Rather than ignore Medicare and Social Security as government entitlements that don’t need strategy and planning, financial and insurance professionals should make them the foundation of retirement planning if they are to avoid putting clients at risk of running out of money in retirement, a new Senior Market Sales® (SMS) white paper finds. But the percentage willing and qualified to offer this type of advice remains low.
“The New Foundation of Retirement Planning: Social Security and Medicare” explains the risks of doing nothing as well as the opportunities for those acting ahead of the trend. Get the free white paper.
SMS examined a broad spectrum of data, from consumer surveys and demographics to financial planning industry reports and economic data. Collectively, the data uncovered an unmet consumer need that could cause a dramatic shift in the financial planning landscape at an especially challenging time, as the industry faces dwindling numbers of veteran advisors and the rising threat of robo-advisors.
“Independently, each survey and report that we looked at provides valuable insight, but this is the first white paper to piece those trends together to show how they’ll impact the practice of retirement planning,” said Chris McDonald, Assistant Vice President, Director, Annuity and Institutional Sales at SMS. “Clearly, all these forces together are elevating the roles of government-administered social insurance programs in the lives of those facing retirement, and that means financial advisors will need to adapt.”
The white paper shows that many people rely on their Social Security check to pay for their health care but that retirement health care costs are on a path to exceed Social Security benefits. Soon-to-retire workers who in good times focused on investing to supplement Social Security, now see Social Security with a new importance as they face rising health care costs, longer life expectancies and longer careers. They also will approach their Medicare election and health care spending with greater scrutiny. Baby boomers are more health-aware than previous generations and more dependent on social insurance due to losses of investments and sometimes entire pensions after the Great Recession.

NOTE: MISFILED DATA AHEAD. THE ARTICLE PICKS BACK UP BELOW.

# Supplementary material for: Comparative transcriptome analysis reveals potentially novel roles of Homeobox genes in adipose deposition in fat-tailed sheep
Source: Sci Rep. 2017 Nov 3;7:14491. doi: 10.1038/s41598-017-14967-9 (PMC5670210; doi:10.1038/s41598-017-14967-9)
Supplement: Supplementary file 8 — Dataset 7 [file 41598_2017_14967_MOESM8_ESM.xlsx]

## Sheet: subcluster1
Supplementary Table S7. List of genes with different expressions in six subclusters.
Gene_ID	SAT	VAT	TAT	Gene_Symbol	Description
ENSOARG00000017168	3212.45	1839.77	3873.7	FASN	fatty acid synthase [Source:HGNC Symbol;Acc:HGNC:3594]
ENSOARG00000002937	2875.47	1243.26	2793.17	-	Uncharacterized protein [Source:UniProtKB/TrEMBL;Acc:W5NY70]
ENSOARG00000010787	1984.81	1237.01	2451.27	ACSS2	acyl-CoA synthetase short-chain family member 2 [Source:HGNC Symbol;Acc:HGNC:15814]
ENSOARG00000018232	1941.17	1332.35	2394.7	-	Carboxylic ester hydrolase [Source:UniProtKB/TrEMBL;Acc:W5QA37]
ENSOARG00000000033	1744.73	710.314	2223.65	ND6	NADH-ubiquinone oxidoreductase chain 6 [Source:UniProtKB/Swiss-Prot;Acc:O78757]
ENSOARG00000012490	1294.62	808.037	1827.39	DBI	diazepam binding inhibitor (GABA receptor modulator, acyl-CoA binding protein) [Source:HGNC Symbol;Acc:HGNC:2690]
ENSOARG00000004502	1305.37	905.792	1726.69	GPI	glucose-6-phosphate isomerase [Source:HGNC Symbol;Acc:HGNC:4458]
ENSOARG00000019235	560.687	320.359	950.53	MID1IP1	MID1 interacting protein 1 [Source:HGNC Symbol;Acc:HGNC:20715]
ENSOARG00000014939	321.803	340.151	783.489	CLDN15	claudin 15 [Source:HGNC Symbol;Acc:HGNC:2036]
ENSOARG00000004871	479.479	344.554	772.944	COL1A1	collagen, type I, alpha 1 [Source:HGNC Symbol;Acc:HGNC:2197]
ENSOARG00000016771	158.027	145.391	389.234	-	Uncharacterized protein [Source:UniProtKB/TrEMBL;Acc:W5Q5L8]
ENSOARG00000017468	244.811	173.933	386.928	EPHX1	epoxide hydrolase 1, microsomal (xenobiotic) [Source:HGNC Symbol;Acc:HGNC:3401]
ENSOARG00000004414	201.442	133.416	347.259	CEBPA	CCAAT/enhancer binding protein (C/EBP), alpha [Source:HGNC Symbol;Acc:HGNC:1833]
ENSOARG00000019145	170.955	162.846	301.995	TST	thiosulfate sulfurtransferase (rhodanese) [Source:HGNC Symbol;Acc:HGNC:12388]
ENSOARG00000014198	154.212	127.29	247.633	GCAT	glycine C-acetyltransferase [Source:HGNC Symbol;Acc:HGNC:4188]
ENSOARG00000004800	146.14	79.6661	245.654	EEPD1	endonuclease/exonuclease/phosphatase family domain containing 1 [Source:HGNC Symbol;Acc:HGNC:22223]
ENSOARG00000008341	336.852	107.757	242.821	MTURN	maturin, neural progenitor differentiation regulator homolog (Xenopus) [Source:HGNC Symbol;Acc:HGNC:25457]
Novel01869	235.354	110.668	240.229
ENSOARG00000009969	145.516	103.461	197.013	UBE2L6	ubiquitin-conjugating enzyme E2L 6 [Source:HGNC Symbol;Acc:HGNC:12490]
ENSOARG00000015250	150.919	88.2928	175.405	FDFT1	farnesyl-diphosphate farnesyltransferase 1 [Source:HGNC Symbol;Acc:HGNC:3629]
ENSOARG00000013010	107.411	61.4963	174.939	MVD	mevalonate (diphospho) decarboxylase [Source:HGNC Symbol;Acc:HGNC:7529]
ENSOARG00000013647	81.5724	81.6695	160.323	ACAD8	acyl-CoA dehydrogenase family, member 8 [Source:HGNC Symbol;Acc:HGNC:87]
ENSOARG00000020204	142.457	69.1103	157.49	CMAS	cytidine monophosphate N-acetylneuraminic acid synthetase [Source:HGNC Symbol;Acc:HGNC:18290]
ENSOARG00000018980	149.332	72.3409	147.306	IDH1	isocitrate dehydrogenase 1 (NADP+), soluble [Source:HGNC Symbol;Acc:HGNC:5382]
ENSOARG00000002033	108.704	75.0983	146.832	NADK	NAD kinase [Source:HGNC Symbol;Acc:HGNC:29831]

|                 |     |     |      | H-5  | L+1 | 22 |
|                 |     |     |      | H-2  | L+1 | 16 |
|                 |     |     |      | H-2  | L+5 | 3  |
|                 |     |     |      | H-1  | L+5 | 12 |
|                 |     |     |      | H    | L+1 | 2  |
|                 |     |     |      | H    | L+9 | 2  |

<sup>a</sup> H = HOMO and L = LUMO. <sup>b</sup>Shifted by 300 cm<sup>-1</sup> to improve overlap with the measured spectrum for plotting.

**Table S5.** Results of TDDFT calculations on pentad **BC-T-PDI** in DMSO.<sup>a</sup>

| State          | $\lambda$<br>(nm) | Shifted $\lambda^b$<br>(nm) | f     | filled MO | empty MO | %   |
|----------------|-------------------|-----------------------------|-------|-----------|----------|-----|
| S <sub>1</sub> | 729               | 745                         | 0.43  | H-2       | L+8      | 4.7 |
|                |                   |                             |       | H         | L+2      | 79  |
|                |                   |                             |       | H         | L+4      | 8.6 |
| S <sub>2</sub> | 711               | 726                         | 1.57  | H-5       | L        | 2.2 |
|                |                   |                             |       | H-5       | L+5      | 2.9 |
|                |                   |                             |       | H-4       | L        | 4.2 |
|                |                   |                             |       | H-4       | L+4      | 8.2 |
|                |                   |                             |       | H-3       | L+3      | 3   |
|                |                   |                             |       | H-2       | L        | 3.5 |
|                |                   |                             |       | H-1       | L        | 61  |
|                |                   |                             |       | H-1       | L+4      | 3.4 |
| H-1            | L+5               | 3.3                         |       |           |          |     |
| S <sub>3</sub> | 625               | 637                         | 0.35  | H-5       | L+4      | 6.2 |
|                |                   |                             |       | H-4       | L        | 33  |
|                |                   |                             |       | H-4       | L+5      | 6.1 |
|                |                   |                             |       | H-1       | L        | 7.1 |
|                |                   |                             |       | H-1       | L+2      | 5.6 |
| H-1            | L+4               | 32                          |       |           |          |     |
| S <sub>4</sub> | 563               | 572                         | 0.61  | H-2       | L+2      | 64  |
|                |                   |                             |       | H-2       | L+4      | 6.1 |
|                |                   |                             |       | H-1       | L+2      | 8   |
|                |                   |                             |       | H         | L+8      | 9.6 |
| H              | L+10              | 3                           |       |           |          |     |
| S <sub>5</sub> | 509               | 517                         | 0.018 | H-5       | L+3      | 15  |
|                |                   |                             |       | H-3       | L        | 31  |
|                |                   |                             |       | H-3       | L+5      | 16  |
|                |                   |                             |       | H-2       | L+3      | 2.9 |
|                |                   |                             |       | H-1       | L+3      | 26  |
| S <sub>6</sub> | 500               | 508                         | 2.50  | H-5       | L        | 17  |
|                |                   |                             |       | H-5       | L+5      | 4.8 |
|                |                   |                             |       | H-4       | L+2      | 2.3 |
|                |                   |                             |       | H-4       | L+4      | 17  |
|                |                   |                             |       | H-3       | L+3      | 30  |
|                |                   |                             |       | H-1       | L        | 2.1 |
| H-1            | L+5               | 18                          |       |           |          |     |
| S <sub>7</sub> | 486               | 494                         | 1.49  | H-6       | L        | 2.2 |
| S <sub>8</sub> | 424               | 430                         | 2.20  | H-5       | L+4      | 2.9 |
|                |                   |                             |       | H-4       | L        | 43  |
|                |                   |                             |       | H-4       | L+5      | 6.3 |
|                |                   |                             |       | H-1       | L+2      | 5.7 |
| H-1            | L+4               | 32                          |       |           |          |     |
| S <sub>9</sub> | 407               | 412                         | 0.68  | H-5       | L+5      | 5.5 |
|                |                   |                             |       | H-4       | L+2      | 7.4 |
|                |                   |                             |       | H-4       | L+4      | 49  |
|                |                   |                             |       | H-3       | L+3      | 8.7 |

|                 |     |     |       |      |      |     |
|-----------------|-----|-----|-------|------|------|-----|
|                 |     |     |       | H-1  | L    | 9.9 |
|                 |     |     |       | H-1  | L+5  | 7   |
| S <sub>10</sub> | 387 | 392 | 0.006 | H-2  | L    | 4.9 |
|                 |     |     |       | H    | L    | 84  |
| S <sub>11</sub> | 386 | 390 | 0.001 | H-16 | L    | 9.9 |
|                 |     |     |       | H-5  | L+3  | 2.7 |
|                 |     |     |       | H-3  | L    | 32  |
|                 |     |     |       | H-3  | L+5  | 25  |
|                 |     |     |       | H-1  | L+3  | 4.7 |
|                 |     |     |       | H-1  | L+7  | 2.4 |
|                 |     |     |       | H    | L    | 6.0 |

As a result, financial advisors will be increasingly pressured for strategies that boost Social Security income, control health care expenses, and creatively arrange and draw on investments and other assets to extend retirement income. At the same time this influx of baby boomers demands these new services, the financial planning industry is losing veteran advisors faster than they can be replenished. Financial advisors already report feeling stretched too thin, and they must find creative ways to survive in a less-wealthy, more-automated world.
“These realities can no longer be ignored,” McDonald said. “Smart Medicare and Social Security choices are the first steps to building a successful retirement plan.”
The white paper identifies possible solutions to help you meet the growing demand for these new services.
SMS developed Total Social Security to help independent insurance and financial professionals identify their clients’ best Social Security claiming strategies and guide advisors on how to incorporate Social Security into overall retirement plans. Qualifying professionals receive training, live support from Social Security experts, FINRA-reviewed marketing materials, and software which calculates the best claiming strategies for clients.
SMS also partners with Medicare BackOffice®, a team of insurance agents licensed, contracted and certified in all 50 states to provide Medicare advice and products. Financial and insurance professionals refer clients to Medicare BackOffice so they can continue to focus on their area of expertise while remaining their clients’ main advisor.